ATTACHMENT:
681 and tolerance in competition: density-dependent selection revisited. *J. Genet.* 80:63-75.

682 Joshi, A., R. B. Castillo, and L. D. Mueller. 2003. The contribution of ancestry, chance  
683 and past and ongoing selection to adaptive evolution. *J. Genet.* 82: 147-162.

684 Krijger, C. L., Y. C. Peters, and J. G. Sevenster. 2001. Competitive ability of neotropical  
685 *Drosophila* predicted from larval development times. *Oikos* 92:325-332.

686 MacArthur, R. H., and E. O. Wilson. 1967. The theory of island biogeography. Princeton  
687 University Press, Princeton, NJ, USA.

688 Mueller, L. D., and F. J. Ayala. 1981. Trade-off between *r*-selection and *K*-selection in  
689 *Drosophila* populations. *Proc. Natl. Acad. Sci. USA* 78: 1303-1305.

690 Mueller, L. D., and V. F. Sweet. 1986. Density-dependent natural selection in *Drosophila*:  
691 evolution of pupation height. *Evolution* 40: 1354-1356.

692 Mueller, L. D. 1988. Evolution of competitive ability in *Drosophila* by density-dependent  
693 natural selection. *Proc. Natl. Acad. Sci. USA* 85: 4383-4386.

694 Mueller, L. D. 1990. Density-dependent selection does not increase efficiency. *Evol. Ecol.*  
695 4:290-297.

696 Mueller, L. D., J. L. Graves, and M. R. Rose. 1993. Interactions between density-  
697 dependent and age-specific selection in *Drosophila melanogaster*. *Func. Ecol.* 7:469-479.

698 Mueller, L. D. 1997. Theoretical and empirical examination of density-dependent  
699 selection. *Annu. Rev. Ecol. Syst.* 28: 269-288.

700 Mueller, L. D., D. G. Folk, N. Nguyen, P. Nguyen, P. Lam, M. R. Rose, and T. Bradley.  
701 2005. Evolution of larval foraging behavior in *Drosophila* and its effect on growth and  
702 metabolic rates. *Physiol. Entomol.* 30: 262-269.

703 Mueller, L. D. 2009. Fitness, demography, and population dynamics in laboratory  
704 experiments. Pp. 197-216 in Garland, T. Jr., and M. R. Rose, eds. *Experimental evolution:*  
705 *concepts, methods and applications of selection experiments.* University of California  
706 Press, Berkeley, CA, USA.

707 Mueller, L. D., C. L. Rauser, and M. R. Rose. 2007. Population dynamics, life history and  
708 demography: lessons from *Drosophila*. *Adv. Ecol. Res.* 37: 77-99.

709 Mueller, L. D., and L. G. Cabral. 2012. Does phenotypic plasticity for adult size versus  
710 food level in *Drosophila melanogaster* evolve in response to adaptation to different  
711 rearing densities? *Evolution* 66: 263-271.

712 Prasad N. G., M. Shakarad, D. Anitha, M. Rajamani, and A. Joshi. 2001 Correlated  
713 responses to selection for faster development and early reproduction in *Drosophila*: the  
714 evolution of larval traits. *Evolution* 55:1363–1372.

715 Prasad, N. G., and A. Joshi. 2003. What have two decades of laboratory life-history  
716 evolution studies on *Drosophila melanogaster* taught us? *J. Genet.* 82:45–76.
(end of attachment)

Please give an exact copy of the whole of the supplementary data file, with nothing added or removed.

681 and tolerance in competition: density-dependent selection revisited. *J. Genet.* 80:63-75.

682 Joshi, A., R. B. Castillo, and L. D. Mueller. 2003. The contribution of ancestry, chance  
683 and past and ongoing selection to adaptive evolution. *J. Genet.* 82: 147-162.

684 Krijger, C. L., Y. C. Peters, and J. G. Sevenster. 2001. Competitive ability of neotropical  
685 *Drosophila* predicted from larval development times. *Oikos* 92:325-332.

686 MacArthur, R. H., and E. O. Wilson. 1967. The theory of island biogeography. Princeton  
687 University Press, Princeton, NJ, USA.

688 Mueller, L. D., and F. J. Ayala. 1981. Trade-off between *r*-selection and *K*-selection in  
689 *Drosophila* populations. *Proc. Natl. Acad. Sci. USA* 78: 1303-1305.

690 Mueller, L. D., and V. F. Sweet. 1986. Density-dependent natural selection in *Drosophila*:  
691 evolution of pupation height. *Evolution* 40: 1354-1356.

692 Mueller, L. D. 1988. Evolution of competitive ability in *Drosophila* by density-dependent  
693 natural selection. *Proc. Natl. Acad. Sci. USA* 85: 4383-4386.

694 Mueller, L. D. 1990. Density-dependent selection does not increase efficiency. *Evol. Ecol.*  
695 4:290-297.

696 Mueller, L. D., J. L. Graves, and M. R. Rose. 1993. Interactions between density-  
697 dependent and age-specific selection in *Drosophila melanogaster*. *Func. Ecol.* 7:469-479.

698 Mueller, L. D. 1997. Theoretical and empirical examination of density-dependent  
699 selection. *Annu. Rev. Ecol. Syst.* 28: 269-288.

700 Mueller, L. D., D. G. Folk, N. Nguyen, P. Nguyen, P. Lam, M. R. Rose, and T. Bradley.  
701 2005. Evolution of larval foraging behavior in *Drosophila* and its effect on growth and  
702 metabolic rates. *Physiol. Entomol.* 30: 262-269.

703 Mueller, L. D. 2009. Fitness, demography, and population dynamics in laboratory  
704 experiments. Pp. 197-216 in Garland, T. Jr., and M. R. Rose, eds. *Experimental evolution:*  
705 *concepts, methods and applications of selection experiments.* University of California  
706 Press, Berkeley, CA, USA.

707 Mueller, L. D., C. L. Rauser, and M. R. Rose. 2007. Population dynamics, life history and  
708 demography: lessons from *Drosophila*. *Adv. Ecol. Res.* 37: 77-99.

709 Mueller, L. D., and L. G. Cabral. 2012. Does phenotypic plasticity for adult size versus  
710 food level in *Drosophila melanogaster* evolve in response to adaptation to different  
711 rearing densities? *Evolution* 66: 263-271.

712 Prasad N. G., M. Shakarad, D. Anitha, M. Rajamani, and A. Joshi. 2001 Correlated  
713 responses to selection for faster development and early reproduction in *Drosophila*: the  
714 evolution of larval traits. *Evolution* 55:1363–1372.

715 Prasad, N. G., and A. Joshi. 2003. What have two decades of laboratory life-history  
716 evolution studies on *Drosophila melanogaster* taught us? *J. Genet.* 82:45–76.